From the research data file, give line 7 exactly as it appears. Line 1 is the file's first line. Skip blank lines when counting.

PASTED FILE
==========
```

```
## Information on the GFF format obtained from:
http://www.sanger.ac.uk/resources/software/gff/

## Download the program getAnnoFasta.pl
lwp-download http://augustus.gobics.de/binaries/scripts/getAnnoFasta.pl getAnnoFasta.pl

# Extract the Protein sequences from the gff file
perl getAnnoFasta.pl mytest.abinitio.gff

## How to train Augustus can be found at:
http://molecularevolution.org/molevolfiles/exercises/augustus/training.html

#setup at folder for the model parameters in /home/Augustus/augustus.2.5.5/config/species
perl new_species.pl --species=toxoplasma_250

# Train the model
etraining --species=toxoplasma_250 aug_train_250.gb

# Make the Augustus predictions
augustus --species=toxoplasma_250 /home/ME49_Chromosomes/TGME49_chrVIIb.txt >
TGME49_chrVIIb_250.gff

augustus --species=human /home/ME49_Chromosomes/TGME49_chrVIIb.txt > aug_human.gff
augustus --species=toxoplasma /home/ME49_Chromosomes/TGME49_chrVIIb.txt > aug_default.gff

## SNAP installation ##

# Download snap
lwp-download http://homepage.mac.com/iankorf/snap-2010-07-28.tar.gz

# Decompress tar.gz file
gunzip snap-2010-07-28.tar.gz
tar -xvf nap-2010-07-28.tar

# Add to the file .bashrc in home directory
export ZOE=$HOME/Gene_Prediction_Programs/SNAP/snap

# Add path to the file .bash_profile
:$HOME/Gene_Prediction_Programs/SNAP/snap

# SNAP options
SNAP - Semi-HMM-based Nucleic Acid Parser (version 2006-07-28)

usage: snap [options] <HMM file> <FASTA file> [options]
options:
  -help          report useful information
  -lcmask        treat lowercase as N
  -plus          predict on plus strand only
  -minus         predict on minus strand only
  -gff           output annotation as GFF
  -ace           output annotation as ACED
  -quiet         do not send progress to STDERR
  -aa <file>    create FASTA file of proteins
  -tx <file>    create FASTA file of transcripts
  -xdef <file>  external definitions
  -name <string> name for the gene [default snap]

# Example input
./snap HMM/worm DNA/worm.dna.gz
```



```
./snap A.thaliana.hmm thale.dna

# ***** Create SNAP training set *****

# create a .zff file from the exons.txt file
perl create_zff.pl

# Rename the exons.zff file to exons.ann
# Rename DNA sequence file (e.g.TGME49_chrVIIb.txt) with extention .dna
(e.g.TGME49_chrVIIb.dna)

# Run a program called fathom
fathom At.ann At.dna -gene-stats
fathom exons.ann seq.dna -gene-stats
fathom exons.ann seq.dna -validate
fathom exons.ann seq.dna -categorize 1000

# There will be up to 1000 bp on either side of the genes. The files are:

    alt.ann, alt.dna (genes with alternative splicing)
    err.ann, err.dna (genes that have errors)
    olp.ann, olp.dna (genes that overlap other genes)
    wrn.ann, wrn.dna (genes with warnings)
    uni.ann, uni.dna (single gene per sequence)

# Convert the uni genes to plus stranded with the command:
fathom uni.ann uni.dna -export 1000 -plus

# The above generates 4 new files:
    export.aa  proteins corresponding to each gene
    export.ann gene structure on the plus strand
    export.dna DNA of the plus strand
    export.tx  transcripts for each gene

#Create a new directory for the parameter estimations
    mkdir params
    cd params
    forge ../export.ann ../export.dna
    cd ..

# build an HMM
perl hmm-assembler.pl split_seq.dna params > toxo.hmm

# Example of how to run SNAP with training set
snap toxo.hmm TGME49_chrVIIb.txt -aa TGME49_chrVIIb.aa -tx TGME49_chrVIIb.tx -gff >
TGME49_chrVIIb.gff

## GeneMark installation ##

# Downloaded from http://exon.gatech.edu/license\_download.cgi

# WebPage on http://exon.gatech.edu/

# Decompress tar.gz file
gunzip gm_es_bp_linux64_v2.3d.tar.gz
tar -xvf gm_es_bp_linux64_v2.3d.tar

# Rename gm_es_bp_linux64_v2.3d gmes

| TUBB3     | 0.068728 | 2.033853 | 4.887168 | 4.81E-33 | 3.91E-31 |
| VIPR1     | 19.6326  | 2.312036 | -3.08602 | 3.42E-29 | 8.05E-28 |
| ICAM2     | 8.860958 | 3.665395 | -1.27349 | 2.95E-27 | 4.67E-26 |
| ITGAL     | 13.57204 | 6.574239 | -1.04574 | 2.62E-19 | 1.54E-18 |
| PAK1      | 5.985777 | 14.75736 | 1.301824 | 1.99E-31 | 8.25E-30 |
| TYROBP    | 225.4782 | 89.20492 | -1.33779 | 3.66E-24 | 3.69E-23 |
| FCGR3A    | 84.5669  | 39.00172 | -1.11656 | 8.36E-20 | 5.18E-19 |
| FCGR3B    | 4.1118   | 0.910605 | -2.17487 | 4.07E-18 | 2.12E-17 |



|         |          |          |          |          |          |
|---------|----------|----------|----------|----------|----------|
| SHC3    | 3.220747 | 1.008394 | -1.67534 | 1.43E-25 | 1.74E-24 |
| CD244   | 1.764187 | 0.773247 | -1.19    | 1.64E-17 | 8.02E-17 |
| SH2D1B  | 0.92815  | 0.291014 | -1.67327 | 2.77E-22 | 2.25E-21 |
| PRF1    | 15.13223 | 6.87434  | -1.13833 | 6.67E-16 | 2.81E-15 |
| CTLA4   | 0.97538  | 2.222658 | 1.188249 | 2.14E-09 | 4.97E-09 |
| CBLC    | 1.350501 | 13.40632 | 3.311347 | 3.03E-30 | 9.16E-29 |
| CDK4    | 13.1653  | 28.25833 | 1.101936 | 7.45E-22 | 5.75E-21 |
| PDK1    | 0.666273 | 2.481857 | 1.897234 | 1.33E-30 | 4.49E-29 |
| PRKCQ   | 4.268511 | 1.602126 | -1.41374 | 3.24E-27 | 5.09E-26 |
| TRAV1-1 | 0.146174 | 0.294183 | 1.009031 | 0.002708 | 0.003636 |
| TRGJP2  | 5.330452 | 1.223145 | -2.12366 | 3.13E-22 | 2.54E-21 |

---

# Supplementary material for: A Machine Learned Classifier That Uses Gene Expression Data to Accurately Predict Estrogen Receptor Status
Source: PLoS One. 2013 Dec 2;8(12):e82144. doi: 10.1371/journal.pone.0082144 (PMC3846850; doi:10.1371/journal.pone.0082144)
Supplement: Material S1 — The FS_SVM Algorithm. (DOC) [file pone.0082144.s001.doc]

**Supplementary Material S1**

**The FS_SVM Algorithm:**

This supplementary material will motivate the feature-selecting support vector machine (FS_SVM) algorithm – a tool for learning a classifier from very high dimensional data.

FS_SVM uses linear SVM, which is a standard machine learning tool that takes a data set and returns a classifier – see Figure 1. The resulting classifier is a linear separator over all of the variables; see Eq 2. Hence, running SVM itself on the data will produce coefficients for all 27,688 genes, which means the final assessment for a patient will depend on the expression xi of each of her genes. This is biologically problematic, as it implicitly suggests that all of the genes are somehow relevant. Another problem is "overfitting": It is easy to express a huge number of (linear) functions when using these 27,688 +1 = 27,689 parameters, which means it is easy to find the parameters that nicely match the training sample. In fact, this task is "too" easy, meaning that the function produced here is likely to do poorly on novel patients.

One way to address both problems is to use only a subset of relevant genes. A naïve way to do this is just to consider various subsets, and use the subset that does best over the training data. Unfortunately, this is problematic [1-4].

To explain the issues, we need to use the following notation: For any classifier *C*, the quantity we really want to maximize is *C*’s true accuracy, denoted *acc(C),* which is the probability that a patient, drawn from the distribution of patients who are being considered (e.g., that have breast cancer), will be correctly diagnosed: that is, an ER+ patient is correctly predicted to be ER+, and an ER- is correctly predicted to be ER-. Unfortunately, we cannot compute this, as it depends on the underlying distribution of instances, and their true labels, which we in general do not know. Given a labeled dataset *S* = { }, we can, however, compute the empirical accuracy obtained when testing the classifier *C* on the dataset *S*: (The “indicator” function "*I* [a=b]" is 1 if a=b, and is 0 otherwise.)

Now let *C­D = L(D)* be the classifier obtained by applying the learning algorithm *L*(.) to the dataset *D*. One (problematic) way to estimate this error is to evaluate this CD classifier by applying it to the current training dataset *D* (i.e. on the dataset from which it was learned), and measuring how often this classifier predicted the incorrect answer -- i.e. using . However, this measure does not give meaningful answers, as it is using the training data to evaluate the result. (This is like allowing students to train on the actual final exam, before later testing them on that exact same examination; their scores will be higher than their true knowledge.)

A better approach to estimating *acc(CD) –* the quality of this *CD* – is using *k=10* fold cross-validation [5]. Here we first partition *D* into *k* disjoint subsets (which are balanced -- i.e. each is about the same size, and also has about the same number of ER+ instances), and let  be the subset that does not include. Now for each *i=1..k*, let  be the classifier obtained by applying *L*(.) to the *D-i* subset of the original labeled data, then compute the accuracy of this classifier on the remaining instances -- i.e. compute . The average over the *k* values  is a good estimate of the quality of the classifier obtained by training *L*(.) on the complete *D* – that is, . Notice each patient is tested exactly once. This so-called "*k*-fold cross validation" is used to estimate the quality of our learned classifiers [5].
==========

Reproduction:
# Extract the Protein sequences from the gff file